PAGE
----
Roger Warren, the infamous Giant Mine bomber who was convicted of killing nine miners in 1992 workers’ strike has been reported dead.

CBC North reported in an online article on Monday afternoon that after obtaining a death certificate through the British Columbia Vital Statistics Agency, it has been confirmed that Warren died in July at age 75 in Abbotford, B.C.

NNSL Media was unable to independently confirm Warren’s death Monday evening.

NNSL Media marked the 25th anniversary of the bombing in a 2017 article. 

Warren,  who worked underground at Giant Mine, was convicted of nine counts of second-degree murder after confessing to the RCMP that he deliberately planted a bomb 230 metres underground at Giant Mine on Sept. 18, 1992.

The bombing was the bloody culmination of a long and bitter strike that began after Giant Mine workers, represented by Local 4 of the Canadian Association of Smelter and Allied Workers (CASAW), voted to reject a contract agreement the previous spring with owner, Royal Oak Mines, which had taken over the four-decade-old mine in 1990. The mine responded by locking out unionized employees and bringing in replacement workers.


The murdered miners, all of whom employees who had crossed the picket line or were brought in by the mine as replacements, were riding in a man-car when Warren’s bomb detonated. Six of them were from Yellowknife, Chris Neill, 29, Joe Pandev, 55, Norm Hourie, 53, David Vodnoski, 25, Shane Riggs, 27, and Vern Fullowka, 36. Also  killed were Robert Rowsell, 37, Malcolm Sawler, 38, and Arnold Russell, 41.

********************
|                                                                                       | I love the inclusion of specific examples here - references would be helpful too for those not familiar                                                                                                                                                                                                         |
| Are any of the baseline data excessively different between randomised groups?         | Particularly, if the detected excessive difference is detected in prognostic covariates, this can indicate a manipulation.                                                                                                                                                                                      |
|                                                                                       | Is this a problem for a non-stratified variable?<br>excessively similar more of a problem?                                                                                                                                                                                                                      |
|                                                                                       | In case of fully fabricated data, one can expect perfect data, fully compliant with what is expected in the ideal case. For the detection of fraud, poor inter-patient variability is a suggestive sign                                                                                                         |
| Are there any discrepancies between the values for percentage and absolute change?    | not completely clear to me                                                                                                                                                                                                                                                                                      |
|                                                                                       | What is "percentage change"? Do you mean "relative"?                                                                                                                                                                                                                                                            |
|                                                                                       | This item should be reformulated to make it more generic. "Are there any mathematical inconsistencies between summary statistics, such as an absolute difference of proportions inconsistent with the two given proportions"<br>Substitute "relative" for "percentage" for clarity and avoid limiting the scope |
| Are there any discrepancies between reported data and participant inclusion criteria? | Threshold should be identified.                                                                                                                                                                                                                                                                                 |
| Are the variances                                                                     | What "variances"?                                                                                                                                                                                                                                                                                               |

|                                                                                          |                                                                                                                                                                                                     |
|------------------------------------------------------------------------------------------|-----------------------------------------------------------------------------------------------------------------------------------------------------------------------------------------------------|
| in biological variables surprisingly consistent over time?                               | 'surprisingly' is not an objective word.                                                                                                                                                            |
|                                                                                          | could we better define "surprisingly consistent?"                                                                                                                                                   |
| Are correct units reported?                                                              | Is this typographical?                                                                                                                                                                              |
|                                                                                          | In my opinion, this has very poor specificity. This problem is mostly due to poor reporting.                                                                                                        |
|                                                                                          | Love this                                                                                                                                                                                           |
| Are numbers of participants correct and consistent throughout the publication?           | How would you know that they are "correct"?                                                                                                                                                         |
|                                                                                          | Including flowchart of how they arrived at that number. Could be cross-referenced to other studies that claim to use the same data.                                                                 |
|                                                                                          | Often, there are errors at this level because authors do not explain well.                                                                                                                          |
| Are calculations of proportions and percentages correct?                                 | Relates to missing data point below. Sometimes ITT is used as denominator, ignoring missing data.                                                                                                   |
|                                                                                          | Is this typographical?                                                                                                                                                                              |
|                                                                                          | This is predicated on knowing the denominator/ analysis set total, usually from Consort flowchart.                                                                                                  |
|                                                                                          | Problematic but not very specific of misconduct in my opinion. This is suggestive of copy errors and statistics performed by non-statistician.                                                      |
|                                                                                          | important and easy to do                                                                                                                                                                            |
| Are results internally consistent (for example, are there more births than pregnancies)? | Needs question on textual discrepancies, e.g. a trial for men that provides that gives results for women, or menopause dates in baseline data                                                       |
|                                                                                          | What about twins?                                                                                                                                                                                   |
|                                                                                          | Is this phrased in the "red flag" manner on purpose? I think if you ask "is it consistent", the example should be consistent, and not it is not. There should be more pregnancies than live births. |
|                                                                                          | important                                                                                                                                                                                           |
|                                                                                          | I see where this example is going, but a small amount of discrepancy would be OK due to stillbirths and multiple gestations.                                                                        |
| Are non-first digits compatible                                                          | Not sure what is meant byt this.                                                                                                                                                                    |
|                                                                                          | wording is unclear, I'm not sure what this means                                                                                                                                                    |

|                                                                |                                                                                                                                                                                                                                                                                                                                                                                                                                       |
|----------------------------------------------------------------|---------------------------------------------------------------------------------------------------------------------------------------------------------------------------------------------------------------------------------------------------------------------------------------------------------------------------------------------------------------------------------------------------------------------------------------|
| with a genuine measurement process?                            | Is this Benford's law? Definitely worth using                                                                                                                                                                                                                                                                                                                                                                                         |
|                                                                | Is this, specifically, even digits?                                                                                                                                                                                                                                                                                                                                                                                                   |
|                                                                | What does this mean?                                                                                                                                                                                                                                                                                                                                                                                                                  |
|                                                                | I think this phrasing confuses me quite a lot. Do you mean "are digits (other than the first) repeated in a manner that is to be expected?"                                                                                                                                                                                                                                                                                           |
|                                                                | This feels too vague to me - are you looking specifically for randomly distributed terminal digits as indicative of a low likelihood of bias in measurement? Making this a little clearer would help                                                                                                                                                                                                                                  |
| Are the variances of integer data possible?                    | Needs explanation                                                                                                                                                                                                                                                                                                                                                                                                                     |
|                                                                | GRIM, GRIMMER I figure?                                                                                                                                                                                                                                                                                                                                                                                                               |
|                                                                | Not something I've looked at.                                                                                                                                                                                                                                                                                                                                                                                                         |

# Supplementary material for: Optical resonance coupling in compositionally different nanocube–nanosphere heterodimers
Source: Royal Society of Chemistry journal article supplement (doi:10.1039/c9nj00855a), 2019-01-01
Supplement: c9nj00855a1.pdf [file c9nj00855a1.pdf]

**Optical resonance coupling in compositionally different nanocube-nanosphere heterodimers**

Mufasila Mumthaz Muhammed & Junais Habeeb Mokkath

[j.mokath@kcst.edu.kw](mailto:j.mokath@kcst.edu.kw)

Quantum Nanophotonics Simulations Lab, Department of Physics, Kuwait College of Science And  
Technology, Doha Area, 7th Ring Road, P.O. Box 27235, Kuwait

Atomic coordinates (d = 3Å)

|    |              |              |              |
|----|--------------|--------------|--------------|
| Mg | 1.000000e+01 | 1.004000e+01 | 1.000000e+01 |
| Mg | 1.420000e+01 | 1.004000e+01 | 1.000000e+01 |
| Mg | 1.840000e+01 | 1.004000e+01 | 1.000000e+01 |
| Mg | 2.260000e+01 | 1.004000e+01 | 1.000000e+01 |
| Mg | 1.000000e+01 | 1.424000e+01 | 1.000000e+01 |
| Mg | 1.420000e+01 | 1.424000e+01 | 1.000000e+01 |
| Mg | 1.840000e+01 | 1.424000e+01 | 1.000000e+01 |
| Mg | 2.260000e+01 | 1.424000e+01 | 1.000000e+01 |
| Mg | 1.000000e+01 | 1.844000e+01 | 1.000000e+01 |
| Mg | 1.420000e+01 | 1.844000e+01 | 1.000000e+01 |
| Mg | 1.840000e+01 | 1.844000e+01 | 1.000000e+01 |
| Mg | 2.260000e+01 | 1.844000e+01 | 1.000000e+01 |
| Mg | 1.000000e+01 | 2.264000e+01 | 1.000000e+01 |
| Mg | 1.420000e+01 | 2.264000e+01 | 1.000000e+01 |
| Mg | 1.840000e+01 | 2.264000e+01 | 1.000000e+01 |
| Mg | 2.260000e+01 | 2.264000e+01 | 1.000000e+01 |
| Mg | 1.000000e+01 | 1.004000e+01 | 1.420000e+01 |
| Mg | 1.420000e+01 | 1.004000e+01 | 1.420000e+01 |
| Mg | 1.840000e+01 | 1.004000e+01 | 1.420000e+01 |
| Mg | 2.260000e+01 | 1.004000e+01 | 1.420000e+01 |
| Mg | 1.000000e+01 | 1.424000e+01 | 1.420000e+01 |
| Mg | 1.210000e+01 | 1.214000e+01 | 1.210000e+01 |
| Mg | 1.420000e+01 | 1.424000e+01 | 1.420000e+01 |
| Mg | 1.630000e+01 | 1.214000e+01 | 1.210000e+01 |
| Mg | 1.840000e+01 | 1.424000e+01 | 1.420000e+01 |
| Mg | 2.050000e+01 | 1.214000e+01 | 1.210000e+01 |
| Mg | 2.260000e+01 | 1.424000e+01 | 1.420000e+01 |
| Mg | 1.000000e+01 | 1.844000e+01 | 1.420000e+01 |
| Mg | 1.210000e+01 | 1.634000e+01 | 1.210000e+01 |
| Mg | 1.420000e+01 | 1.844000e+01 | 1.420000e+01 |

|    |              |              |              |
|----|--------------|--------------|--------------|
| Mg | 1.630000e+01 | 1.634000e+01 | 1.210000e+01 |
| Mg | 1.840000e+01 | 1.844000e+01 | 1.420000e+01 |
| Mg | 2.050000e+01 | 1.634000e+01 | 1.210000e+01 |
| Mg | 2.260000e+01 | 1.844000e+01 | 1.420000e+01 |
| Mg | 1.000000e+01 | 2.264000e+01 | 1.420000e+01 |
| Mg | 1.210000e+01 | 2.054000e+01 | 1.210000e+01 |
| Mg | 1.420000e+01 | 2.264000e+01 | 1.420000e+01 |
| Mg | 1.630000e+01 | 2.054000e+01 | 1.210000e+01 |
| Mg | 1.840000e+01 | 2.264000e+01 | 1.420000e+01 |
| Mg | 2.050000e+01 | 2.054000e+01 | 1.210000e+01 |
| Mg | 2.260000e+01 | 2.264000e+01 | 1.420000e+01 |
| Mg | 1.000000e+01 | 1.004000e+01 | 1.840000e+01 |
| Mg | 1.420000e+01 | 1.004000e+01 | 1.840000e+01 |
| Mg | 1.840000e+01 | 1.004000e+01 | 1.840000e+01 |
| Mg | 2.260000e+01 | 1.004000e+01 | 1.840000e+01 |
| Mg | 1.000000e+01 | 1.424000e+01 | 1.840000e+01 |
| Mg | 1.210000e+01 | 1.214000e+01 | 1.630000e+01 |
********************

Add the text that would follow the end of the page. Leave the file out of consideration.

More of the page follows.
Patrick Scott, who was a CBC reporter on and off between 1975 and the mid-nineties, was working covered the evening that Warren was arrested.

“I was covering it and did the first national radio story on it,” he said. “I do remember that night. I was working at the station and rumours had started to filter out that someone had been arrested and that there would be a press conference.”

Scott recalled that a press conference was held in a public library conference room. He said he didn’t know Warren, but knew his family and lived next door for a period to Pandev.

“It was a pretty shocking night,” Scott said. “Roger changed his community for a long time by doing what he did. But personally I have never put all the blame on him. I would put more blame on the owner of the company Peggy Witte than on the union for reacting. She did everything she could and was really never challenged except by the union to undermine all those workers.

“Scabbing is always inappropriate and Yellowknife didn’t know how to handle it.

“Some workers crossed the picket lines because they were desperate financially. We all know what living in Yellowknife is like and Roger was one of those desperate guys.”

Bill Braden, who was a reporter with the Yellowknifer from 1990 to 1994, said Warren’s actions leaves with him “a bitter feeling about him” to this day calling the bombing “beyond the pale.”

The man’s death closes a chapter in the city and mine’s history, he added.

“The whole thing left such a deep scar for everybody who was here at the time,” said Braden, who added that he hadn’t known him personally but knew of him as an “average guy” who had some involvement with local hockey teams.

“Somewhere along the line in the toxic stew that was the whole labour situation, he twisted and did an awful thing.

“I have one recollection and that is that it shook the town that one person would have conspired to do this on their own.”




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